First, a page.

They interviewed people for initial four consecutive months then re-interviewed them after other four months.
The research evaluated three generation, namely, first, second, and third generation-plus. The first generation comprised of foreign-born Mexican immigrants according to the years in which they entered the United States. The second step entailed looking at the data of the Mexican children born in the United States to non-natives parents. The third generation-plus in the study encompassed native-born Mexicans of native parents, native-born but non-Hispanic whites of native parents, and native-born, non-Hispanic blacks of native-born parentage. The study then tabled the sample size of each group into weighted and un-weighted clusters (Waldiinger et al, 2007).
To collect data on employment, first, the research segregated immigrants who had already secured jobs from the jobless, employment seekers, and the ones who were not in work during the survey period. Researchers in this survey calculated the number of weeks in which the immigrants were in job. To get the data of those people who experienced long-term unemployment, the research looked at the records of men did have employment in a period of one year. In addition, the research analyzed the data of those people in one or more weeks of employment (Waldiinger et al, 2007).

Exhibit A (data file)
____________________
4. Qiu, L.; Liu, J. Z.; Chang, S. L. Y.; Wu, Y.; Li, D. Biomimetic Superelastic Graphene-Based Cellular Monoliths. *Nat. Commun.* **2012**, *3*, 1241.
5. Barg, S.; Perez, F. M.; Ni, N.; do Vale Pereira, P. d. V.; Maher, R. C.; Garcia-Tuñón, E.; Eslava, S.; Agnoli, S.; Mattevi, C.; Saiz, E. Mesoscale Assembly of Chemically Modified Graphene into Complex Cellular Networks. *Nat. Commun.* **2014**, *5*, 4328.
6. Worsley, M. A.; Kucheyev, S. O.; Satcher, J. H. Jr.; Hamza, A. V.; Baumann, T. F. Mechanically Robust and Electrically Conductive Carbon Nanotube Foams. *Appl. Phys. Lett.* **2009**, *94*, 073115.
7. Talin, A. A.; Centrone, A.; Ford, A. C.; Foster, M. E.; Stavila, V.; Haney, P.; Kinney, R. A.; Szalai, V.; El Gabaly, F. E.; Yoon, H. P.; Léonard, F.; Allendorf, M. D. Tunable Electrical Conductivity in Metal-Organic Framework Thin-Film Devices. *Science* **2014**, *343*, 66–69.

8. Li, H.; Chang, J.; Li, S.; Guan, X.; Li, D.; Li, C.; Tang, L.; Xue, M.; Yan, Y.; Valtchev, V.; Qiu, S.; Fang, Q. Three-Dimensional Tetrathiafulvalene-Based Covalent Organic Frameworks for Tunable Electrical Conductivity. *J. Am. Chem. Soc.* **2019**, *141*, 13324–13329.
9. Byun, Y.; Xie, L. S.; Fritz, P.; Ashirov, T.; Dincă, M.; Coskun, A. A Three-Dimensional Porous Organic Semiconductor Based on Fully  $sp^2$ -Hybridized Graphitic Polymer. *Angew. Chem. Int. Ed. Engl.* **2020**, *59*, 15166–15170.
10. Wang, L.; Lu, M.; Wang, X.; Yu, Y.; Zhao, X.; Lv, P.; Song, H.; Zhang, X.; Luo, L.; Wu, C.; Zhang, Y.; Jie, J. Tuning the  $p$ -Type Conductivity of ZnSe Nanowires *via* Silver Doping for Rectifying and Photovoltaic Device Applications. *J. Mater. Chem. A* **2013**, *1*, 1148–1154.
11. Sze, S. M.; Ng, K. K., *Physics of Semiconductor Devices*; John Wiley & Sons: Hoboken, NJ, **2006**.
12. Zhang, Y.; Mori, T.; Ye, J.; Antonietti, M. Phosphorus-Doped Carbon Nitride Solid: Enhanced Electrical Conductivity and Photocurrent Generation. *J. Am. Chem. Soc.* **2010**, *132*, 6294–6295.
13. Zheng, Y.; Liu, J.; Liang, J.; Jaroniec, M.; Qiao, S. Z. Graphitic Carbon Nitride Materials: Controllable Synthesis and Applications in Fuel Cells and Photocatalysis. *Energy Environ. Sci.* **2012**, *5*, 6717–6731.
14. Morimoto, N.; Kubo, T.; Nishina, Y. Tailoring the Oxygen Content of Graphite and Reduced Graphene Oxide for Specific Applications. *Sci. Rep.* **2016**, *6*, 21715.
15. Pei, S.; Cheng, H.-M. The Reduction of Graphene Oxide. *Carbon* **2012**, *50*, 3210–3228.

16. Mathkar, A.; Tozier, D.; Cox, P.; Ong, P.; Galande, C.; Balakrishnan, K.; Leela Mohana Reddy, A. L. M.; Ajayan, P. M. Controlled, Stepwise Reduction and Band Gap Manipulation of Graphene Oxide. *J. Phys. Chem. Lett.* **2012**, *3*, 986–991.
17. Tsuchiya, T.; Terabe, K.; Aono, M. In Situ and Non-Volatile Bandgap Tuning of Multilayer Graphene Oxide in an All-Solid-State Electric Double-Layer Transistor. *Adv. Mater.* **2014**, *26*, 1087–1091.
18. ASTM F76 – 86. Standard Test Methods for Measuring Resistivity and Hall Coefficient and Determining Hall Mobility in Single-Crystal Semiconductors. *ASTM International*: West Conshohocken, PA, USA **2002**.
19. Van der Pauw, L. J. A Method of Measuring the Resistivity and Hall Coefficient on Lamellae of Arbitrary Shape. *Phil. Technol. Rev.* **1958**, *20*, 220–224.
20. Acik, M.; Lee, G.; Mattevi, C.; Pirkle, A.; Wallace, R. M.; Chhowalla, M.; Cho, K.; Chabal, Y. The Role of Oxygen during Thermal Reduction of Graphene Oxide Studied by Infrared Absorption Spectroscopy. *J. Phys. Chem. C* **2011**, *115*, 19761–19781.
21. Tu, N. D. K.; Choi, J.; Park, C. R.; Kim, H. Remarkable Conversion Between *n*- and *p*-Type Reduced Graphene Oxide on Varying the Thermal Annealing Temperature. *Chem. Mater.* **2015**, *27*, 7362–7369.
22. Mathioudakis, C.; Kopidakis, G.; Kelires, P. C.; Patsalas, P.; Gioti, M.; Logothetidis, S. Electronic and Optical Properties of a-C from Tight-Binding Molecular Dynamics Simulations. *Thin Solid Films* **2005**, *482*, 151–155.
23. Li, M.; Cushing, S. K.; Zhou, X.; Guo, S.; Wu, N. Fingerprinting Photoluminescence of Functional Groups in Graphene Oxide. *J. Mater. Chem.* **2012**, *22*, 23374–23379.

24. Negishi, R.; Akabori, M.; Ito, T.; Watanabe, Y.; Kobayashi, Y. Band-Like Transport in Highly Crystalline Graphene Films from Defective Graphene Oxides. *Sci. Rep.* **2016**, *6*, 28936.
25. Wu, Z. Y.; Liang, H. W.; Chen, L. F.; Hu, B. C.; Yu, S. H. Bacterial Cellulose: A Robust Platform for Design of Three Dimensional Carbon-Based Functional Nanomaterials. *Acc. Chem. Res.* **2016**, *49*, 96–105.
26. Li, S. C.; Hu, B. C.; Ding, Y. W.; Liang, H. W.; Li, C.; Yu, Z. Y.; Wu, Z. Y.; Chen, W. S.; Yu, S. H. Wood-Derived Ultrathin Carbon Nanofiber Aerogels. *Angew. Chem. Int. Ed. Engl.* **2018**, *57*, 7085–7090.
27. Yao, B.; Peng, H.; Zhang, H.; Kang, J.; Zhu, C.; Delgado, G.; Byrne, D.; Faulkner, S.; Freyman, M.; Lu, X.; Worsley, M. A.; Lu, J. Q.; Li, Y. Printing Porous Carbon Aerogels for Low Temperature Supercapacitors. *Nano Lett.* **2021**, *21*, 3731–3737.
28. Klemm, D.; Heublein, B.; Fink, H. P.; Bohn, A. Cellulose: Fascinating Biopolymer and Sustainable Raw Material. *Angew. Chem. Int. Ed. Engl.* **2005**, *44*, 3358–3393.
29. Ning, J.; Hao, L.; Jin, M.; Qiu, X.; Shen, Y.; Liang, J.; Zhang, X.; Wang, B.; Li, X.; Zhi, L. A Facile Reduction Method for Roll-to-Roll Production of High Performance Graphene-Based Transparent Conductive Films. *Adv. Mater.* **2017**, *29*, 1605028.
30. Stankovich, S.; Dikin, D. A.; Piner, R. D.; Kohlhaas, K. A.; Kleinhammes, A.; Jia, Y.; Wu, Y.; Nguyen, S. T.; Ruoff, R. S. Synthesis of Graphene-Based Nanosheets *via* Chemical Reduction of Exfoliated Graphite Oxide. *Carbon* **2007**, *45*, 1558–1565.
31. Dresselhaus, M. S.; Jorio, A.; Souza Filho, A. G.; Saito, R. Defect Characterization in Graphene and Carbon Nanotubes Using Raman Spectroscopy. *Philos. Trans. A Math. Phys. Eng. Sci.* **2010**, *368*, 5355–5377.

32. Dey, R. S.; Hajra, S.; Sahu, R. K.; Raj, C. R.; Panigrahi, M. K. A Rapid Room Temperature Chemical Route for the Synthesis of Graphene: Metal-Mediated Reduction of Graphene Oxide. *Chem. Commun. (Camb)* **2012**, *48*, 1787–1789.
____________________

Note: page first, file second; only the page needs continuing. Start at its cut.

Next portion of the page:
Second, the research surveyed number of Mexicans on low-wages jobs coding them according to earnings. Researchers gave the low paid men code one zero the other men who had employment. To get information about pension and other benefits, the survey asked respondents whether their employers provided them with health insurance. In addition, the survey sought to know whether the health benefits covered the families of the employed people (Waldiinger, et al, 2007).
The survey employed multivariate analysis to approximate the net differences of job quality and holding among different groups. The researchers used statistical tools such